Their best bet was using European and Russian depictions of The City of Angels.
3. The Creatures in the Film Were Played by Dancers to Ensure They Were Flexible Enough
Those nurses certainly know how to dougie. Italian actor and choreographer Roberto Campanella supervised the team and directed their movements while also being cast for the roles of Colin and Pyramid Head.
To attain the 7-foot-tall appearance of Pyramid Head, Campanella had to wear stilted shoes. Do high heels make Pyramid Head more or less creepy? You be the judge of that. Despite his love for the world of horror and proficiency in choreographing monsters, Campanella is known to be quite cheerful.
It’s said that he called the prosthetics he wore as Colin his “Kermit legs.” In 2017, he was also the choreographer and one of the clowns in Stephen King’s It.
4. The Audition for the Armless Man Was Pretty DIY
When auditioning to Roberto Campanella for the Armless Man’s role, actors were asked to put their arms behind their backs and walk in a distorted, exaggerated way. Michael Cota auditioned with a costume featuring a hose in the chest area to spray the acid and a makeshift mask.
The mask had a tube running from its mouth and out the back of the costume so that Cota could breathe. The inspiration for the Armless Man was the Lying Figure from the Silent Hill 2 game, and it itself served as inspiration for the Smog in Silent Hill: Homecoming.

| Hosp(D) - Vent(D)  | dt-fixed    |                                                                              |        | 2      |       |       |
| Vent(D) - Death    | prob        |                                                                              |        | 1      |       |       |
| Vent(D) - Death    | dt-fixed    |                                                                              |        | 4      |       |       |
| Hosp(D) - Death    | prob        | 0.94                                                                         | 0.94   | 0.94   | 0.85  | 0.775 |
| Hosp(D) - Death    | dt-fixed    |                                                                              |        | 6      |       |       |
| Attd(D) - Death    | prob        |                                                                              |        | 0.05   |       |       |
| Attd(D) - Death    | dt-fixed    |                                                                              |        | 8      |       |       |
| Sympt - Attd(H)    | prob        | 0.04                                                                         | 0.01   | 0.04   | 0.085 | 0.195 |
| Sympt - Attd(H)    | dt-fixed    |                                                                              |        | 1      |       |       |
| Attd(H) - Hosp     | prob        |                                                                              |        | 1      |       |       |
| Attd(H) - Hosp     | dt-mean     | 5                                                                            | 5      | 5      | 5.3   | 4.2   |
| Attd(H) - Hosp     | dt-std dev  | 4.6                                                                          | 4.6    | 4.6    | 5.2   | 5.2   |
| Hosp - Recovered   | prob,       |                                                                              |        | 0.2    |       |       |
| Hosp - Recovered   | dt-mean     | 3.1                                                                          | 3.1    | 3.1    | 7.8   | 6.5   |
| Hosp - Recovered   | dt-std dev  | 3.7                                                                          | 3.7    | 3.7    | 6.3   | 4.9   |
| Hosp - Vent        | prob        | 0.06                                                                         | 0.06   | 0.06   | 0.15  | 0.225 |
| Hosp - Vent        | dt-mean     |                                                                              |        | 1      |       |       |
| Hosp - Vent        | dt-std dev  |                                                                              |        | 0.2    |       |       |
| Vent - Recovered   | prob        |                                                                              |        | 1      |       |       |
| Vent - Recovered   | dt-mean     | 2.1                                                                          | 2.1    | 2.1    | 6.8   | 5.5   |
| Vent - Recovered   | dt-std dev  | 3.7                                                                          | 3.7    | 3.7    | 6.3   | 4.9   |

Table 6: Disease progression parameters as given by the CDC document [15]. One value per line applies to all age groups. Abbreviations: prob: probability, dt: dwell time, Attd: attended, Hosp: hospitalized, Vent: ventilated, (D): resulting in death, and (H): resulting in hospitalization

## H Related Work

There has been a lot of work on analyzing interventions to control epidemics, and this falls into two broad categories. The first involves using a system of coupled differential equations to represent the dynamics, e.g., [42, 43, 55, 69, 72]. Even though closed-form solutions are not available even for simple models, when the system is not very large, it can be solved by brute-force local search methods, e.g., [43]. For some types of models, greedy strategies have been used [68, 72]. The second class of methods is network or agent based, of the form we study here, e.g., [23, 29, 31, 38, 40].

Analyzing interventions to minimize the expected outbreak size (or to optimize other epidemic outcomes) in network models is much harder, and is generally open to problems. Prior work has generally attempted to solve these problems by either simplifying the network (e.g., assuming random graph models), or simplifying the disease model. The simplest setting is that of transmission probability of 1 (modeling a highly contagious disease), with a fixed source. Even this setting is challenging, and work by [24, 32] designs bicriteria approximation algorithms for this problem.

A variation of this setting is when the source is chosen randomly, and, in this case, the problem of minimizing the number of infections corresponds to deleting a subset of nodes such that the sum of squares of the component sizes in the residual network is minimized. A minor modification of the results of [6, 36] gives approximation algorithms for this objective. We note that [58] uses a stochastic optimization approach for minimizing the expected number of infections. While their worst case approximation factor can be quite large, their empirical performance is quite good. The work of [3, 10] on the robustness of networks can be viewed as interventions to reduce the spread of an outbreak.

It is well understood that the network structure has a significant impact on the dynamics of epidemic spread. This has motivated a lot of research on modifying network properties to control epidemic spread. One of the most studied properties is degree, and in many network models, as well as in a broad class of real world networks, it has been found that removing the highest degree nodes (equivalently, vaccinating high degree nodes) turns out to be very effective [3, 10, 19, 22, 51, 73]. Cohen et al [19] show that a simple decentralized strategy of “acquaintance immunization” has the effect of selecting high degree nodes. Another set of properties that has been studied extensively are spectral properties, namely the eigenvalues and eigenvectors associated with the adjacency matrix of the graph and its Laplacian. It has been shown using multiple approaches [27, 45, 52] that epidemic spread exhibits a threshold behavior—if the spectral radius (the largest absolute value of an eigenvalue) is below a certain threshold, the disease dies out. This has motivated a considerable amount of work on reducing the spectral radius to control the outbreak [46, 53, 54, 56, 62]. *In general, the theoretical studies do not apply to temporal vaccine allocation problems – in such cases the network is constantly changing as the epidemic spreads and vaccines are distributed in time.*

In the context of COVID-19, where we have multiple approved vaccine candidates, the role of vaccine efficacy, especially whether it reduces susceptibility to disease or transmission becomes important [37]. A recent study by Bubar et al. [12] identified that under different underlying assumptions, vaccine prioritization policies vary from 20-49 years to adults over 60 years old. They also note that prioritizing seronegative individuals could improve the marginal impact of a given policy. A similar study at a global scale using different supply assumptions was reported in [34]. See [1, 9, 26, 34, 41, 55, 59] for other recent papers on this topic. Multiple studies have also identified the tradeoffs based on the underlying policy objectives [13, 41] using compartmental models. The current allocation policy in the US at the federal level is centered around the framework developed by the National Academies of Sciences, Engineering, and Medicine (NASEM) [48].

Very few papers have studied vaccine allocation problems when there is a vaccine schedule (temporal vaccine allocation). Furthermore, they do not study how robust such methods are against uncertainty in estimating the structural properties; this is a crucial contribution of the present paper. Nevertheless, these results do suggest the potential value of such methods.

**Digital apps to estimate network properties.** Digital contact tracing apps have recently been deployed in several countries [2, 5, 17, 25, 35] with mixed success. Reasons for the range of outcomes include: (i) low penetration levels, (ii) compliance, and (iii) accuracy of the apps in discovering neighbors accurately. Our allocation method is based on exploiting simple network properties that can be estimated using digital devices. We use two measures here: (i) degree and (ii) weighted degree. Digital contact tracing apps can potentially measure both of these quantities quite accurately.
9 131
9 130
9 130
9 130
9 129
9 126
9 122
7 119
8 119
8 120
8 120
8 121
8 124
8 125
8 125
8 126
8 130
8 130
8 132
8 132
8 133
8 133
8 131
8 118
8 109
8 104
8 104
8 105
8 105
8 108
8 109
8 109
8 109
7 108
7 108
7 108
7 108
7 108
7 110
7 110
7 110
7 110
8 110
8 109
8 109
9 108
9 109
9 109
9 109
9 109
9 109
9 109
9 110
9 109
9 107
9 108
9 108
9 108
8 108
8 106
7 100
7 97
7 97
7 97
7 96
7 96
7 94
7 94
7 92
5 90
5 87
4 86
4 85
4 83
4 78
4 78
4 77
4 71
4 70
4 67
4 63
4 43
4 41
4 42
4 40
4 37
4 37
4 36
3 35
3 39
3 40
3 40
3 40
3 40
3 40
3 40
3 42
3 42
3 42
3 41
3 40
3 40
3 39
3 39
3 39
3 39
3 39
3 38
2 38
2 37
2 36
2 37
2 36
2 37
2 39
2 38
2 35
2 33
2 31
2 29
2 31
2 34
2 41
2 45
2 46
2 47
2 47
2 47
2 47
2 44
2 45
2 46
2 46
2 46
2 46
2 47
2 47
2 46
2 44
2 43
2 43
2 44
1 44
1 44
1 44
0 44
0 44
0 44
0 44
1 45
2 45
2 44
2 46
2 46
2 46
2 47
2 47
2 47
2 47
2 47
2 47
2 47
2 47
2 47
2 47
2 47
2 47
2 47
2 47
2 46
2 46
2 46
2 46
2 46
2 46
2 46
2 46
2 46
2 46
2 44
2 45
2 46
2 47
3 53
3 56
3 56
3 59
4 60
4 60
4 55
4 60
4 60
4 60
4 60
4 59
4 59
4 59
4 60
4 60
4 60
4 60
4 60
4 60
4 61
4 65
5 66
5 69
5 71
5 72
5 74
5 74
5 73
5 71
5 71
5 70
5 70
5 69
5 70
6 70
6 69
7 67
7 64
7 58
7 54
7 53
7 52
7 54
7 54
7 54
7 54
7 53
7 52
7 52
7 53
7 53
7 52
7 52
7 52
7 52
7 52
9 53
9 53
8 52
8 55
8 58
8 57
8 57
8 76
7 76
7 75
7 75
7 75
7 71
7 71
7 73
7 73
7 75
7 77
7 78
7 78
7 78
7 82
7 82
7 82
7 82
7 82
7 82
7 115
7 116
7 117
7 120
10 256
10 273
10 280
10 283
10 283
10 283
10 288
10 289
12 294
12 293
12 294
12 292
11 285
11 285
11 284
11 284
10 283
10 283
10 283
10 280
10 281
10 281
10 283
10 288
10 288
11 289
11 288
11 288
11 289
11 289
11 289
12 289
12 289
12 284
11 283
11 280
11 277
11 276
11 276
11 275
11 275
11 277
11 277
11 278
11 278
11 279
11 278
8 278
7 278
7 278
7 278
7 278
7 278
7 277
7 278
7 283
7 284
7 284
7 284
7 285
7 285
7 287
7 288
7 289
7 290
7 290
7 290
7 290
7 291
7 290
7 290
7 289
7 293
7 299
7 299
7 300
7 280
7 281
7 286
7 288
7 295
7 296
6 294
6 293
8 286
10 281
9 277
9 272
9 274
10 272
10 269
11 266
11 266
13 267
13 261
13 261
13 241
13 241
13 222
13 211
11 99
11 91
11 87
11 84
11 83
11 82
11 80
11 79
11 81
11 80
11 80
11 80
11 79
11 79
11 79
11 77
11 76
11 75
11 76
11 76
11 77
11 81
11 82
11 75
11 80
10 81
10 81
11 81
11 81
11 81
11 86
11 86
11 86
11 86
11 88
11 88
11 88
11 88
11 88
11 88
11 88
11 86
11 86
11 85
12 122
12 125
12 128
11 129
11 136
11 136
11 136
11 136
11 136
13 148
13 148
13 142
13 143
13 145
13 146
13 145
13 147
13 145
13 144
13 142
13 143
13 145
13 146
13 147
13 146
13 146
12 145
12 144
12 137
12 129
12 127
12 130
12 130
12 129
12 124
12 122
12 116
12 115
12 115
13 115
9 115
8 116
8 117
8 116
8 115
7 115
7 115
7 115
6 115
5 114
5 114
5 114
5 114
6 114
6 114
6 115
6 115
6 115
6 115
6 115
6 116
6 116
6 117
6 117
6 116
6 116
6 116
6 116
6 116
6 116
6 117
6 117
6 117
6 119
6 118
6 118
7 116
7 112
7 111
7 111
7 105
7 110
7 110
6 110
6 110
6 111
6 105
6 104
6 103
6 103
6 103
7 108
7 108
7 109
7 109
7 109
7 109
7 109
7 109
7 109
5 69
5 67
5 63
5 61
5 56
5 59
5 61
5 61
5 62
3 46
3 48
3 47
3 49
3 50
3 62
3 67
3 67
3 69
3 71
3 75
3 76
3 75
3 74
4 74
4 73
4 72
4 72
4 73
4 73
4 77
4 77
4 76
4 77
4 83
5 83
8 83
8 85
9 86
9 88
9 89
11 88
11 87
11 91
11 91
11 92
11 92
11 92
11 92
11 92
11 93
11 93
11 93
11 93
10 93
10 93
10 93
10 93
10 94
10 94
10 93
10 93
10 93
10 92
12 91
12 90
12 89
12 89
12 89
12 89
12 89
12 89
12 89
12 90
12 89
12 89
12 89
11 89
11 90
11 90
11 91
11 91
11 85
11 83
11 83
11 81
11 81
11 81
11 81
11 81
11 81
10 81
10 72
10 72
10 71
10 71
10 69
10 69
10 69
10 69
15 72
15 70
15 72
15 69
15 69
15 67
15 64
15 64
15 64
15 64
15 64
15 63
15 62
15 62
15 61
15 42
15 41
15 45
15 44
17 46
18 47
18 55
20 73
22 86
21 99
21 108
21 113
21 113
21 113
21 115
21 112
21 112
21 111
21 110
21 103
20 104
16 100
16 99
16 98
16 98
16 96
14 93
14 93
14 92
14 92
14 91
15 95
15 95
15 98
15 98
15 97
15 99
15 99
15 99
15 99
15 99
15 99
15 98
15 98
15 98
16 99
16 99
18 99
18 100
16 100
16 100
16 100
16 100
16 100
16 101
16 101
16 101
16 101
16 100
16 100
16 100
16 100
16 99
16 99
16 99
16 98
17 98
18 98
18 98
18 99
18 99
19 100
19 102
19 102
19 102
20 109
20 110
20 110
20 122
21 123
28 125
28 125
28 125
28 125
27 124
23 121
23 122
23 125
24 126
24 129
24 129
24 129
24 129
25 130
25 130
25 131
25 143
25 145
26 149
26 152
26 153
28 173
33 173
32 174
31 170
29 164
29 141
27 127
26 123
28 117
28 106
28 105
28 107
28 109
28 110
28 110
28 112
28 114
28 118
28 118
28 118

5. There’s a Good Reason Why the Fourth Silent Hill Game Stands Out from the Crowd
Many people believe that The Room’s development started as an unrelated horror game. Its approach was very different from the first games of the franchise, as it ditched the flashlight, introduced invincible ghosts, and even ignored Silent Hill for the most part. These ambitious risks, coupled with the fact that the project’s working title was just Room 302, had fans wondering if the title was an intruder.
However, The Room was created by Konami’s Team Silent from the very beginning; only its development started at the same time as Silent Hill 3. The studio was taken aback by the success the series saw until then, so Silent Hill 4 was a way for them to open the possibility of multiple games with different settings and plots.
6. You’ll Love Comcast’s Customer Service after This One
In Silent Hill: Shattered Memories, there’s a creepy easter egg that further adds to the feeling of crippling despair. If you call Konami’s support number from the in-game phone, you’ll hear a special message.
“Our caller ID shows that you are calling from Silent Hill. I regret to inform you that you are beyond even our help.” r/talesfromtechsupport has some horror stories of its own, but Konami certainly takes the cake with this one.